Al-Jalamah: A tradition to maintain the health of sheep in al-Hasakah

Sheep market in al-Hasakah - May 5, 2024 (Enab Baladi/Rita al-Ahmad)

Sheep market in al-Hasakah - May 5, 2024 (Enab Baladi/Rita al-Ahmad)


With the arrival of May each year, the shearing of sheep’s wool begins in various breeding areas across Syria, and the term used for this shearing process in the rural areas of Qamishli is known as “al-Jalamah”.

The season usually starts as summer approaches and temperatures rise, to ensure the health of the sheep and to get rid of the excess wool that could cause them health problems.

Preparations begin three days before the shearing by washing the sheep and cleaning them of the dirt accumulated over the winter, waiting for the wool to dry completely to facilitate the shearing process.

Traditional rituals

Mohammed Masoud, a livestock breeder in the village of Tel Maarouf in the countryside of Qamishli city, told Enab Baladi that he and other breeders in the area practice traditional rituals associated with the shearing season.

Masoud collects the wool after shearing for investment, distribution, or home use as an alternative to carpets in winter, and it may be destroyed due to low market demand.

Sheep market in al-Hasakah - May 5, 2024 (Enab Baladi/Rita al-Ahmad)

Sheep market in al-Hasakah – May 5, 2024 (Enab Baladi/Rita al-Ahmad)

According to Masoud, these habits and traditions followed by him and other breeders are an important part of their cultural heritage and are passed down through generations.

These rituals are essential to maintain the health of the sheep and ensure the quality of the wool.

Mouhsen Abdel Jalil, another livestock breeder, explained to Enab Baladi how to perform the traditional shearing process.

Special scissors are used for the task, and the animal’s legs are tied to restrict its movement and facilitate the shearing process.

Abdel Jalil emphasized the importance of care and skill in shearing to avoid harming the animal, especially around sensitive areas such as the belly and udder.

He mentioned that preparations include readying iodine dye, alcohol solutions, and special sprays beforehand to ensure their availability when needed and to help heal any wounds that occur during shearing.

These steps and preparations reflect the breeders’ commitment to the health and comfort of the animals and the quality of the resulting wool.

According to Abdel Jalil, the collection of wool was historically a competitive activity among locals, and the wool was used in making carpets, covers, and many other household necessities. However, there has been a decline in interest in recent times due to the emergence of ready-made furnishings and other alternatives.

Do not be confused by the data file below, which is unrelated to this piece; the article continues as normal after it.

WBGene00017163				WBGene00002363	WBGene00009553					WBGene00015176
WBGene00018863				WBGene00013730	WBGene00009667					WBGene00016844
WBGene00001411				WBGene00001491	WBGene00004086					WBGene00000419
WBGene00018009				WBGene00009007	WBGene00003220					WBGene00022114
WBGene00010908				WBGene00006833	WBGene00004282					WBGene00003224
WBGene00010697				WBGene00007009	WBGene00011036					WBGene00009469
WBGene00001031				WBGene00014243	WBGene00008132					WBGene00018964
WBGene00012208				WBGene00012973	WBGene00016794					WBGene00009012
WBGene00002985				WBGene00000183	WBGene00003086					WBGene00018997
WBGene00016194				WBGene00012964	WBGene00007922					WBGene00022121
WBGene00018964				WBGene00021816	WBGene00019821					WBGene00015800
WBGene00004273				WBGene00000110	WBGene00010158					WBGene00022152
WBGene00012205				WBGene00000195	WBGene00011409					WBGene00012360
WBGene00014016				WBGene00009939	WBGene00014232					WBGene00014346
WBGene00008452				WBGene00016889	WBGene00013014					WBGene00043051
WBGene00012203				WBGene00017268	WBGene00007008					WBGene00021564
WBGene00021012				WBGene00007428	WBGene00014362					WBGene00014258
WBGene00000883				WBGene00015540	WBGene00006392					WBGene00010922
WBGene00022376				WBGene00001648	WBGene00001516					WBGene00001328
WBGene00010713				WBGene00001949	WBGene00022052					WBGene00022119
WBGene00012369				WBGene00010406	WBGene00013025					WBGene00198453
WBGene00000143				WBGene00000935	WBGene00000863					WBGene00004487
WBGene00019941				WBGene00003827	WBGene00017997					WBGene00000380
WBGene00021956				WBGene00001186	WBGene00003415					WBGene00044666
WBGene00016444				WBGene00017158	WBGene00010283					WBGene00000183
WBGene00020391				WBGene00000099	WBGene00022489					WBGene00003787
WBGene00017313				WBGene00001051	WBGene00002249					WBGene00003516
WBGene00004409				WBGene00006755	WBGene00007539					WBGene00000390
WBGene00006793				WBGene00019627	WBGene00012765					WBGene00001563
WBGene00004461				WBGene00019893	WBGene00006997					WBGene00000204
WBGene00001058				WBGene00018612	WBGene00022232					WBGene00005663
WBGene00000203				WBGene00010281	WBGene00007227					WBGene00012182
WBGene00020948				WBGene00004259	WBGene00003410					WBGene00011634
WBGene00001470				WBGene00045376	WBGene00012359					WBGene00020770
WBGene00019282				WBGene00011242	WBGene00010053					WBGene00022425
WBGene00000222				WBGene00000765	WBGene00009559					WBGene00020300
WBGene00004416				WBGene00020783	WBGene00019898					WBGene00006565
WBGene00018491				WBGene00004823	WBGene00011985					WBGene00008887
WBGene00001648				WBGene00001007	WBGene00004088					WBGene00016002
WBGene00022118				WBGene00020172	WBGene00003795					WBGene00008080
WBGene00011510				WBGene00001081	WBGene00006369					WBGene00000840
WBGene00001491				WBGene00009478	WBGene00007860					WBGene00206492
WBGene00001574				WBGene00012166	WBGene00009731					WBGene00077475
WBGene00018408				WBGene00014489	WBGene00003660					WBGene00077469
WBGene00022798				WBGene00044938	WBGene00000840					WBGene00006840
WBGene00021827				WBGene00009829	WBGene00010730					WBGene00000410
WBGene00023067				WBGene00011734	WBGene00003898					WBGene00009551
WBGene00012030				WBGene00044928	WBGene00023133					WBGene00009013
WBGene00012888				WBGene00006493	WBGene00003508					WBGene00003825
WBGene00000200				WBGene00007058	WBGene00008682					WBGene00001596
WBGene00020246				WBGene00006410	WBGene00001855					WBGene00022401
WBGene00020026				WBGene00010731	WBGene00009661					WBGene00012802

Sheep market in al-Hasakah - May 5, 2024 (Enab Baladi/Rita al-Ahmad)

Sheep market in al-Hasakah – May 5, 2024 (Enab Baladi/Rita al-Ahmad)

Health benefits for sheep

Shearing wool has several benefits for sheep, as mentioned by the veterinarian Ahmad Askar in his conversation with Enab Baladi.

The doctor noted that shearing reduces the incidence of skin diseases in sheep and helps in removing dirt and external parasites such as lice and ticks that may gather under the wool, thus reducing the spread of diseases and maintaining the health of the animals.

Additionally, the shearing process helps reduce the body temperature of the animals and allows their skin to cool, making them feel more comfortable and refreshed.

This process also allows for the renewal of the sheep’s wool, contributing to its improved quality and durability.

Askar also pointed out that wool shearing facilitates healthcare for sheep, as breeders can easily clean and monitor the health of the animals after shearing, providing an opportunity to detect any health problems early and apply the necessary treatment.

Livestock breeders in Syria are facing multiple difficult conditions, pushing many of them to consider abandoning the profession, whether or not alternatives exist, compelling them to sell their livestock if buyers are available, or to slaughter them to alleviate the burden of their costs.

Before 2011, livestock were responsible for about 40% of total agricultural output in Syria, also providing employment for approximately 20% of the workforce in rural areas, according to a study by the international organization “IMMAP,” published in May 2021.

Approximately 35% of rural households in Syria considered livestock breeding their primary source of food and income.

Mohammad al-Abdullah, an economic researcher at the Omran Center for Strategic Studies, previously told Enab Baladi that one of the main reasons for the decline in livestock wealth is the unsuitability of the local environment sustaining this sector in a country embroiled in conflict since 2011.

He added that other factors have also impacted the sustainability of supporting the livestock sector, including a significant reduction in grazing areas, large numbers of livestock deaths due to disease outbreaks, rising prices of veterinary medicines, and high feed costs, in addition to the common practice of smuggling livestock to neighboring areas and countries for profit.



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